Background and Relevance
The main objective of this workshop is to discuss the major options on how to produce and govern global environmental assessments. The idea of this research project goes back to the IMoSeb workshop in October 2006 at Leipzig. At this workshop, a group of highly experienced scientists, practitioners, representatives of national and international institutions and civil society organisations agreed on recommendations on how to improve the relationship between scientists and policy-actors and called for a necessary turn away from a monolithic, centralized and hierarchical epistemic community to more pluralistic, decentralized and heterogeneous ways of interaction that we call nested networks. The Leipzig Recommendations constitute a major milestone in the consultations setting up a science-policy platform on biodiversity and ecosystem services by highlighting the specifics of such a mechanism with regard to its mandate, internal process as well as its outputs and outcomes.
The 2011 workshop aims at deepening these discussions. Since 2006, major developments have been taking place that highlight the relevance of such a discussion: 2010 has been a challenging period for the Intergovernmental Panel on Climate Change (IPCC) that had enjoyed a pristine reputation and had even advanced to become a role model for biodiversity and food security assessments. Efforts to establish an IPBES (Intergovernmental Science-Policy Platform on Biodiversity and Ecosystem Services), often called an ‘IPCC-like mechanism for biodiversity’, culminated in June 2010.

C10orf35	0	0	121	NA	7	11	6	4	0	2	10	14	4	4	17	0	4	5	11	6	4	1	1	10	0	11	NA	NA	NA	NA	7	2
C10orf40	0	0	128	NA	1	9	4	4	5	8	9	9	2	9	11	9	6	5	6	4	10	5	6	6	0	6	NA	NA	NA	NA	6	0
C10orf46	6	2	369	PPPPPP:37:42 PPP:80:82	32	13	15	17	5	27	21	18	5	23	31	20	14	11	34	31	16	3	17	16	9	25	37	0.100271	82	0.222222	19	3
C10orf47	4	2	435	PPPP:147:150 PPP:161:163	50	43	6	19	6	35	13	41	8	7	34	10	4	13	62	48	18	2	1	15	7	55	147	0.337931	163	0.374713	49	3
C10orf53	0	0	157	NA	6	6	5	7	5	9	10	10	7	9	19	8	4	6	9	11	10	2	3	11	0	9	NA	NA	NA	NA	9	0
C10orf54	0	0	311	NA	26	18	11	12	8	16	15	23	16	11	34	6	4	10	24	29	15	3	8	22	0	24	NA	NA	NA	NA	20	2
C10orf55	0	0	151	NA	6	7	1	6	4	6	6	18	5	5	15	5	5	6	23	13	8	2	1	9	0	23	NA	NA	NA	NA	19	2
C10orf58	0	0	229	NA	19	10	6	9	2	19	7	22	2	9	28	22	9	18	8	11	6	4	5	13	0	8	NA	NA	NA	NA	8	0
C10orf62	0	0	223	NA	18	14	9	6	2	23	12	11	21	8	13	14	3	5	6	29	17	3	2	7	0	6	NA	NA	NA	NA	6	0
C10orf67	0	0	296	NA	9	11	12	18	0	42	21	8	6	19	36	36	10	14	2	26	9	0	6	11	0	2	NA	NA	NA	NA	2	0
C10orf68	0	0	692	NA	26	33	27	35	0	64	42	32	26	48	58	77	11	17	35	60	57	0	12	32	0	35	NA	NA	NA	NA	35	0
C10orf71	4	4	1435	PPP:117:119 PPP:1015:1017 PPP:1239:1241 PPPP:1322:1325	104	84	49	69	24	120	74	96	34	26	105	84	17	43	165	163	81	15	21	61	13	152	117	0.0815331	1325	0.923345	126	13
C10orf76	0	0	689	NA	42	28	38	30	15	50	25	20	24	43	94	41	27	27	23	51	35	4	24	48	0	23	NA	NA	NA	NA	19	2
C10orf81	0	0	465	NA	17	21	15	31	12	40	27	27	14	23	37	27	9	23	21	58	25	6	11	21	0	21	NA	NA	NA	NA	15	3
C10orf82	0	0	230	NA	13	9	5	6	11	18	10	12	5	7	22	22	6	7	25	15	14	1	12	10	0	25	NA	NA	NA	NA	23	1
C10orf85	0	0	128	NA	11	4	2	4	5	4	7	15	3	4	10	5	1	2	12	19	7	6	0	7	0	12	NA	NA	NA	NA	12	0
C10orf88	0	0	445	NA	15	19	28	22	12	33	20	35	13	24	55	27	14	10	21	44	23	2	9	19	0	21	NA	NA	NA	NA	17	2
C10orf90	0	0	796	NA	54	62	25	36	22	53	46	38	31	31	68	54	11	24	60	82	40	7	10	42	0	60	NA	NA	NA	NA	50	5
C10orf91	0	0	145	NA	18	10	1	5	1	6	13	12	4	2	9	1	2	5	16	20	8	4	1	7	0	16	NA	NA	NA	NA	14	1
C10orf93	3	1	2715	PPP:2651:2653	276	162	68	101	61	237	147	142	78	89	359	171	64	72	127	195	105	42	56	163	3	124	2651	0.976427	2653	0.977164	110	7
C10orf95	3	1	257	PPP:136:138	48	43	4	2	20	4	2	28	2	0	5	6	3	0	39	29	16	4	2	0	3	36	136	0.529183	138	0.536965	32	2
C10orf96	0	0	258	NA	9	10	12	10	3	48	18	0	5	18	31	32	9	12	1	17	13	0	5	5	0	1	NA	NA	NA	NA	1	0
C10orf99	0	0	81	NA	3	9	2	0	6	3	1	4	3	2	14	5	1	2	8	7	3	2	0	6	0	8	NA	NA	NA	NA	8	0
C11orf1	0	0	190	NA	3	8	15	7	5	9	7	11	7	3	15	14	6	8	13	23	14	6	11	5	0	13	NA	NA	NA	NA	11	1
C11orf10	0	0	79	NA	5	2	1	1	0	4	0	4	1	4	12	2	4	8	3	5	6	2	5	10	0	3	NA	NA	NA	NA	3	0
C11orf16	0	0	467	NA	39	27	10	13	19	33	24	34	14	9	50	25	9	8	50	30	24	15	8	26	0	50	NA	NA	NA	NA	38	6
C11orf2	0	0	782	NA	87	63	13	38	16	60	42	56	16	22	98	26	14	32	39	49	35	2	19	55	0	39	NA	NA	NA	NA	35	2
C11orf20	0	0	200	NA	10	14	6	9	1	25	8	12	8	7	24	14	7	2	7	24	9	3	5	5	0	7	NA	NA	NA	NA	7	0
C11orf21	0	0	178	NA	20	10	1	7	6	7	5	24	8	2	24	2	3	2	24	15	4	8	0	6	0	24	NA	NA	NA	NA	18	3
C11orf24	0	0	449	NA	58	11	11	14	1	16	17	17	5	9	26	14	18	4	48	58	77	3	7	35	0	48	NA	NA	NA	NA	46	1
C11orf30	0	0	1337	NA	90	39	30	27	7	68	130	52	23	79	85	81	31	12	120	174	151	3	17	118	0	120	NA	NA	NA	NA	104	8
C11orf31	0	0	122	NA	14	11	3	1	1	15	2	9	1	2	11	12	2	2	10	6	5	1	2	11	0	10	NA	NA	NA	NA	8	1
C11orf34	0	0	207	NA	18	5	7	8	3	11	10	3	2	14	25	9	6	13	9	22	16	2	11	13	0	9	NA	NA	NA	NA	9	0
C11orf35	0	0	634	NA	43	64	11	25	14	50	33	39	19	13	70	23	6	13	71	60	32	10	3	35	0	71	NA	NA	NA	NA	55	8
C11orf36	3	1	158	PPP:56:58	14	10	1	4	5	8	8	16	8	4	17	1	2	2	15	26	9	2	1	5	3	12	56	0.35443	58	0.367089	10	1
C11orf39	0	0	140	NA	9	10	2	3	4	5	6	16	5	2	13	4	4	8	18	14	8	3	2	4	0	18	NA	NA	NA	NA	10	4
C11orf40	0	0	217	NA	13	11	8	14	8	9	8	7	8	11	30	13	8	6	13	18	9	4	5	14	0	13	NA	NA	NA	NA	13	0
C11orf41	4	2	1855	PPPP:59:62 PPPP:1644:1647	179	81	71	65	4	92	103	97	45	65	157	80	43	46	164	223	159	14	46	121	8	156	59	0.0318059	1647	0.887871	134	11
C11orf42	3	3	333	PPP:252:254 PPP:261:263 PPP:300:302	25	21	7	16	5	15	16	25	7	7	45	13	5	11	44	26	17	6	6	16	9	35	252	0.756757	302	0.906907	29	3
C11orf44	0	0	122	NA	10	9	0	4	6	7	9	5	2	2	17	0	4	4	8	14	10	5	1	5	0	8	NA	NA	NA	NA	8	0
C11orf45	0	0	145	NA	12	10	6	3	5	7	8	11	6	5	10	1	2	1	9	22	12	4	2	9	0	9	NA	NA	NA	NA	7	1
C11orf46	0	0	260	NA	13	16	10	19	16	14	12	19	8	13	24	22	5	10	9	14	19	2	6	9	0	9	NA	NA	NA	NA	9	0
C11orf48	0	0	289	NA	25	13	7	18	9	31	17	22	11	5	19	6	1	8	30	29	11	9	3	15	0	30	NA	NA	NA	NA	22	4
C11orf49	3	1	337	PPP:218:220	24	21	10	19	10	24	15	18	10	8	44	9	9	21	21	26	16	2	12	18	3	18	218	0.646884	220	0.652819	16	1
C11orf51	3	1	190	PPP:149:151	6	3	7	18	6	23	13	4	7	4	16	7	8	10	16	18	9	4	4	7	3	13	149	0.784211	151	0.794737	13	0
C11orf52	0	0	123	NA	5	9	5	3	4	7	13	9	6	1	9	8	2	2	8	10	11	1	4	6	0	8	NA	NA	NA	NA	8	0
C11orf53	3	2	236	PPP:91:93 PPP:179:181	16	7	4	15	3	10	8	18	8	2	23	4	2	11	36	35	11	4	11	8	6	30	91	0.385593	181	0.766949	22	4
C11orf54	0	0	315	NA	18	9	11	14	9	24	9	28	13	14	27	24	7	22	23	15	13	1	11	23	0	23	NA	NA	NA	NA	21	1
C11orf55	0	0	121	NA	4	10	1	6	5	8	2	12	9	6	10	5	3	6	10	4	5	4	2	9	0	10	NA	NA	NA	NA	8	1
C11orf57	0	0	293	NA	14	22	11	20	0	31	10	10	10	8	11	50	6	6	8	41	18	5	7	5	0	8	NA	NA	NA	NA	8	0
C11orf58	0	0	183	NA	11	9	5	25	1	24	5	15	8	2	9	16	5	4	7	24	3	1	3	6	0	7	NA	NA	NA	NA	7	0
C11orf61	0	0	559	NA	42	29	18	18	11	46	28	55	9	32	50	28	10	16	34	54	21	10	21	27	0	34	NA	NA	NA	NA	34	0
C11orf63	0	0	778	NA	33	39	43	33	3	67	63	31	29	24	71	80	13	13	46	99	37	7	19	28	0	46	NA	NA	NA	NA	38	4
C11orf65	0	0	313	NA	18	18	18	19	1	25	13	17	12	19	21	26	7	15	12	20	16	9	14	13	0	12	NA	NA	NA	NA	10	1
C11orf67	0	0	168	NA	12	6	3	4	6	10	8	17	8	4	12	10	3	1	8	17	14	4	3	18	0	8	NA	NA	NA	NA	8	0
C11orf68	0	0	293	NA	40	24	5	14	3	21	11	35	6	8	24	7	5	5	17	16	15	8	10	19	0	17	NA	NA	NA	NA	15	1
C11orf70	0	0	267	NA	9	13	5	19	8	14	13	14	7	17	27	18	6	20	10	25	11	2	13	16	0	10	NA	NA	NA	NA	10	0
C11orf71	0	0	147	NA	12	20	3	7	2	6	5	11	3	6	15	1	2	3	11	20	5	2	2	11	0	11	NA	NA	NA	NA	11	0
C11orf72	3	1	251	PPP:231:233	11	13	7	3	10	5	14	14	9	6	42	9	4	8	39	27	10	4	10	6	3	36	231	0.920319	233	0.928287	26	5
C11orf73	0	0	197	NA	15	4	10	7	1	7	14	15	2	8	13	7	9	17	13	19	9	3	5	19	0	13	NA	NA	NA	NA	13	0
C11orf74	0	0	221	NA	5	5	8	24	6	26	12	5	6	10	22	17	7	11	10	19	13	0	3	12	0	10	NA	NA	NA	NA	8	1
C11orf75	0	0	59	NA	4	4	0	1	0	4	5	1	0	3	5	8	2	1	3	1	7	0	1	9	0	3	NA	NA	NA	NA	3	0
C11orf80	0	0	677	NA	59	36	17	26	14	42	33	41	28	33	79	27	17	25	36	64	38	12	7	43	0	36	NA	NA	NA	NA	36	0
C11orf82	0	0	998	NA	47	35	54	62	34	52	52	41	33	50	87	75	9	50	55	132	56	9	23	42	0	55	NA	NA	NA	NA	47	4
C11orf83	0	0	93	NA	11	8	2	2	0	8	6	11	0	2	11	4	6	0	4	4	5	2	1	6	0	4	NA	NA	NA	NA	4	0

These events reveal the challenges involved in generating authoritative, policy-relevant knowledge in the context of global environmental politics. The IAC review of the IPCC demonstrates that the scientific assessment of a complex problem such as climate change or biodiversity loss is a tremendously difficult task: It involves thousands of people with different expertise, cultures, interests, and expectations. The available information is extensive, multidisciplinary, multinational and multicultural; extends across multiple spatial and temporal scales; is subject to different interpretations and has a wide range of uncertainties. The IAC also highlights that the magnitude and complexity of the assessment task has increased while the governance and management of such an endeavour have received very little attention. Not least because scientists are highly exposed to public scrutiny and work under the public microscope, assessments have to be responsive to the processes and structures in which scientific knowledge is validated for public use.